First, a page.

And then there is the Federalist Society, an ostensibly academic organization that serves as a training camp for conservative jurists, where candidates are recruited, vetted and prepared for the confirmation process. The Trump administration has effectively outsourced the selection of judges for the federal bench to the Federalist Society. Barrett is a member, as are several sitting justices. The judges on the shortlist for the Supreme Court supplied to President Trump all carried conservative bona fides approved by the organization.

And the funders of its $20 million annual budget, largely kept secret, comprise the likes of fossil-fuel giant Koch Industries and the staunchly right-wing Bradley Foundation.

This insidious influence of dark money was further in evidence in Barrett’s confirmation hearings when Sen. Kamala Harris prompted Barrett to offer her opinions on the effects of climate change. Barrett demurred, saying she refused to “express a view on a matter of public policy, especially one that is politically controversial.” Dark money is at the root of that controversy.

[M]any of the same actors that erected the elaborate judiciary-rigging scheme ... are responsible for a disinformation campaign engineered to create doubt and confusion about climate science.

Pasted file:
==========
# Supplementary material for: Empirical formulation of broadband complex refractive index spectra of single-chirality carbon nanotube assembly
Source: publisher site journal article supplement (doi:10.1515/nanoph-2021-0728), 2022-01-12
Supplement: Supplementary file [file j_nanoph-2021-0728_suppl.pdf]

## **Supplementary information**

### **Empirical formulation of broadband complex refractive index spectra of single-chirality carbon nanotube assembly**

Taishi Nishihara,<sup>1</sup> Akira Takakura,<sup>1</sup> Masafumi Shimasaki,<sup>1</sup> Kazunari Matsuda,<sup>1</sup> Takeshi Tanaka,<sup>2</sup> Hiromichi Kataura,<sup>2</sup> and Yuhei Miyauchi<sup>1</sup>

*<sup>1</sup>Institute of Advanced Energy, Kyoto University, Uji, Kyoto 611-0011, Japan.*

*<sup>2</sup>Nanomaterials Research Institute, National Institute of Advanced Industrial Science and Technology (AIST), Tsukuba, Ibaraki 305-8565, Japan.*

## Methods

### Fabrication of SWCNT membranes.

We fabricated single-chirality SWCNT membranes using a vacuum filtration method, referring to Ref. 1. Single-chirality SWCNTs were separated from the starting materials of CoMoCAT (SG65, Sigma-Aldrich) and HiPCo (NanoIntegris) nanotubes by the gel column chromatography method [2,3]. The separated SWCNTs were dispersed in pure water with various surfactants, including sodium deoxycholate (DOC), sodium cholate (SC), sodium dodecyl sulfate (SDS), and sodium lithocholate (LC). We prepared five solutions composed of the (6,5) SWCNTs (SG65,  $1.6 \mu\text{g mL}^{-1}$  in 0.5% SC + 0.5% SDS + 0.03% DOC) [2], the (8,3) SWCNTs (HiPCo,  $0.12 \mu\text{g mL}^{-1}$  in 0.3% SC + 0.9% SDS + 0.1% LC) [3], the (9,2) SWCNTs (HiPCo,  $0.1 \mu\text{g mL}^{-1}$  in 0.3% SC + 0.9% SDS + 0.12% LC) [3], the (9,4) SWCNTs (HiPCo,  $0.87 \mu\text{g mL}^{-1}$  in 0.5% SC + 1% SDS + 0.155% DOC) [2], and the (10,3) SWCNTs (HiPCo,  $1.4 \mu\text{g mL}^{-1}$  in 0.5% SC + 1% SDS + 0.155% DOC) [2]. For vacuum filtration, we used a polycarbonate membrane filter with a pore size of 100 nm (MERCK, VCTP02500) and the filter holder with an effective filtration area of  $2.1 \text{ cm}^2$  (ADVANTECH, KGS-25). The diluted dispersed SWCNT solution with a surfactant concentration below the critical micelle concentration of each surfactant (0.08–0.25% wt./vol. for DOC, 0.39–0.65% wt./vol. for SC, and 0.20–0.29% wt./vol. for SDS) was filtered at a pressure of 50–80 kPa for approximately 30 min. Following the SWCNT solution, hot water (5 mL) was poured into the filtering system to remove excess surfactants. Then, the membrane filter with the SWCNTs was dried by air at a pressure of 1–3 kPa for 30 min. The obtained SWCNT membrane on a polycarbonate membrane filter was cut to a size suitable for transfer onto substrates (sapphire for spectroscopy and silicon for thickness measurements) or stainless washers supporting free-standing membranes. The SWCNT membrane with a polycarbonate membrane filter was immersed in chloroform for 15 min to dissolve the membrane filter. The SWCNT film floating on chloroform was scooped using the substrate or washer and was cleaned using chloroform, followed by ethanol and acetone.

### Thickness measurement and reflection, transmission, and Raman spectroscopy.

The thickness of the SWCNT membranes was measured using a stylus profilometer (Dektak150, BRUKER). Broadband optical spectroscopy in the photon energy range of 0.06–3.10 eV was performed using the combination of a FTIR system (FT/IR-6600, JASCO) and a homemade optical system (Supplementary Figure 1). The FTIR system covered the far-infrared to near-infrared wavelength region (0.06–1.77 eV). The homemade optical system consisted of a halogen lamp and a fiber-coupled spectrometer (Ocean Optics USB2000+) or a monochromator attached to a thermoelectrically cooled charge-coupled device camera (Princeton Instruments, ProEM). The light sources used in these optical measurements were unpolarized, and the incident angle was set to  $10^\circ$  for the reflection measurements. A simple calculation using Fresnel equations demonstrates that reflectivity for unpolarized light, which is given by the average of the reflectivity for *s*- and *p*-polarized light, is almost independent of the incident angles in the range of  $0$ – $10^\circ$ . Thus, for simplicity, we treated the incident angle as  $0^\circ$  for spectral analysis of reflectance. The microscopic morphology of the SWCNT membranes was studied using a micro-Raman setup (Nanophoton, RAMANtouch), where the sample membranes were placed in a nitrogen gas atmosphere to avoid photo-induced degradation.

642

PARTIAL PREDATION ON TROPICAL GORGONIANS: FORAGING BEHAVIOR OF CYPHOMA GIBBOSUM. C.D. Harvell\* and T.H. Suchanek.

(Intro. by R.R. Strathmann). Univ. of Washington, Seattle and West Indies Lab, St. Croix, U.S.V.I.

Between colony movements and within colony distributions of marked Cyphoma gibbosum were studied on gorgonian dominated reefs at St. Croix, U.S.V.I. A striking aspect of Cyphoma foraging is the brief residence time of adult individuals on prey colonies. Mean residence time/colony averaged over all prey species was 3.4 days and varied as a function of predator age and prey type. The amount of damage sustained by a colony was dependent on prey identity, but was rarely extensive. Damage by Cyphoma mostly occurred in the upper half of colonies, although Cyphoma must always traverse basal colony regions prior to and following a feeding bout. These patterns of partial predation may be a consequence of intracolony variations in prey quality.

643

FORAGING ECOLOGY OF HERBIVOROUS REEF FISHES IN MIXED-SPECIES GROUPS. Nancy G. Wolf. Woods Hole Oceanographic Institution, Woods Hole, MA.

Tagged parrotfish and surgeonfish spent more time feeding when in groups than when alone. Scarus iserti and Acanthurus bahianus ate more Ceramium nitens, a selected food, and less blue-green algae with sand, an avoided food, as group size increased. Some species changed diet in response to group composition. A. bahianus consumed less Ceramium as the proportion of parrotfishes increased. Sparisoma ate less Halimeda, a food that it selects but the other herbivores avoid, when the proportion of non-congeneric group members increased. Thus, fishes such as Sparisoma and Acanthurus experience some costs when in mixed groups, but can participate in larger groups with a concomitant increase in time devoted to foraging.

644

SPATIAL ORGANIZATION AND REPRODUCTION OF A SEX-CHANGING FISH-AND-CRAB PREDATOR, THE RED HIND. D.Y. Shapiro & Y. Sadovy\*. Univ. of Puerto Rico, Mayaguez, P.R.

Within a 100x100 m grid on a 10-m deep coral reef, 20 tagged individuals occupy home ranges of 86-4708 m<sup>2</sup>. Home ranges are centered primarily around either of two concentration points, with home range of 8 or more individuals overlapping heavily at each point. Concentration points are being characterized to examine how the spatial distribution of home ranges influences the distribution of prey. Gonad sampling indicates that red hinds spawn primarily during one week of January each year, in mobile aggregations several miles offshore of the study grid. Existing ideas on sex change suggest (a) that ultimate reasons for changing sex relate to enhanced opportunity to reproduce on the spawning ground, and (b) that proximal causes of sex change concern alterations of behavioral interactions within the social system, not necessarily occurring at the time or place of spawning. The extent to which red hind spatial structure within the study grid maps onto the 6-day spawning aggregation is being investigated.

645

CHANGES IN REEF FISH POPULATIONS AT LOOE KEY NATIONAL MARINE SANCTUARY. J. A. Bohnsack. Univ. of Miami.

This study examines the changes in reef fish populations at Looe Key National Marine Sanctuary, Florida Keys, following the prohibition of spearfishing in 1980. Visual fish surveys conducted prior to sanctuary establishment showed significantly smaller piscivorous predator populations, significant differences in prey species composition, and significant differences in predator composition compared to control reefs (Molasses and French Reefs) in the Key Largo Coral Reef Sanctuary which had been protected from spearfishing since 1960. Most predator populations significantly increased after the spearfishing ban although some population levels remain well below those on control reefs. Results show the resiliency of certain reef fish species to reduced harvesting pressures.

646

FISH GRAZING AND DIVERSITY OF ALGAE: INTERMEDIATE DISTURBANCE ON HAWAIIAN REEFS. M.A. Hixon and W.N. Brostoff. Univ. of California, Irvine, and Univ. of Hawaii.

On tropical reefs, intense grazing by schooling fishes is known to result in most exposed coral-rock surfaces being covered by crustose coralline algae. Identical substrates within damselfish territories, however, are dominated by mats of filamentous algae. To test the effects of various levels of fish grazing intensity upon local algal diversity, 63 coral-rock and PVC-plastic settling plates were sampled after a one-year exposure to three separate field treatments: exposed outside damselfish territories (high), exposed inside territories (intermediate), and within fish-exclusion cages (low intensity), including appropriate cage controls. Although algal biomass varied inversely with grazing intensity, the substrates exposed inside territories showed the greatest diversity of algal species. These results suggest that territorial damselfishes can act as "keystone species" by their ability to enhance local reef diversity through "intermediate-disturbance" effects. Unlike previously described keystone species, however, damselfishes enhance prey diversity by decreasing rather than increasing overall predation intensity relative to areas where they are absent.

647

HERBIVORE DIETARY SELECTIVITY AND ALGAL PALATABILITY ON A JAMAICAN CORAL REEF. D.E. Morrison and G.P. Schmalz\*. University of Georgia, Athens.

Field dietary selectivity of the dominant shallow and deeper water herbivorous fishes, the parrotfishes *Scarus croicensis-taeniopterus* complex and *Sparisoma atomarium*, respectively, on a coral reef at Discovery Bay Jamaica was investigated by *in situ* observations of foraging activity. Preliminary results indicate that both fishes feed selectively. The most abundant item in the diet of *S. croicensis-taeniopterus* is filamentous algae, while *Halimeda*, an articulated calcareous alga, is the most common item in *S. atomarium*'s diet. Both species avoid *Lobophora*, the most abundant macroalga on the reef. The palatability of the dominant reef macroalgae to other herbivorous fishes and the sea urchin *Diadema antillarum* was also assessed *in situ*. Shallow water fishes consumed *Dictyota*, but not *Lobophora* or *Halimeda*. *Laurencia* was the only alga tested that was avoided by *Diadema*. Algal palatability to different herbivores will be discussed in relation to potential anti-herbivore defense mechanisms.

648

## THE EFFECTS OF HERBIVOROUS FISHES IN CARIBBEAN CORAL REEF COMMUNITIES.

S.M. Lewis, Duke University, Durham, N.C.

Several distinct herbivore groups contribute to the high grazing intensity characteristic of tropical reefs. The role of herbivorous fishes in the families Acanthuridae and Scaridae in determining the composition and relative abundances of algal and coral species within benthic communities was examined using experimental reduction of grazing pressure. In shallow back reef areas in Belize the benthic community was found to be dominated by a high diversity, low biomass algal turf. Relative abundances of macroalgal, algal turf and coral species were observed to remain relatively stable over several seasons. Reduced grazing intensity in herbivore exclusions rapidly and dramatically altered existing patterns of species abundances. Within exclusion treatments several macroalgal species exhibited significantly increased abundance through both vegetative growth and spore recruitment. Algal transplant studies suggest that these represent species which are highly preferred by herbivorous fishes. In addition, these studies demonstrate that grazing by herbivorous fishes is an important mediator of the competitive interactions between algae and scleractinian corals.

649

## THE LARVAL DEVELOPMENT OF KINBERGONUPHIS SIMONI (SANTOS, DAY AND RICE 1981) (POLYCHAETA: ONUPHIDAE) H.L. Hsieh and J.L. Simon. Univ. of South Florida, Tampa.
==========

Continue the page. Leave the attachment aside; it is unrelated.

Harris had posed a question about a physical phenomenon — in effect, whether greenhouse gas emissions from burning fossil fuels cause the planet to warm — which is established science. Barrett reflexively conflated that point with the policy question of what the government should do to reduce greenhouse gas levels and prepare communities to adapt to a changing climate. And indeed, Barrett is correct — climate legislation and regulation are contentious public policy matters.

But they’re controversial because many of the same actors that erected the elaborate judiciary-rigging scheme illustrated by Sen. Whitehouse are responsible for a disinformation campaign engineered to create doubt and confusion about climate science.

Kurt Andersen’s recent book “Evil Geniuses” documents how this came about. For example, a secret 1998 memo issued by the American Petroleum Institute argued that the “fossil fuel industry and its allies must make civilians believe there was scientific uncertainty” in order to undermine decisive action on climate change. Other examples abound.

That Amy Coney Barrett regards any question remotely touching on climate issues as a third rail is the end result of orchestrated campaigns to discredit climate science and protect the financial interests of fossil fuel corporations and their billionaire allies. But once Barrett is confirmed and ascends to her lifetime seat on the Supreme Court, she will be obligated to issue opinions on these crucial questions.

We can only hope that, on this matter of existential importance, she possesses the capacity to judge wisely, despite not being a scientist.

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Frederick Hewett Twitter Cognoscenti contributor
Frederick Hewett is a freelance writer living in Cambridge. He writes about energy, climate, politics and Boston.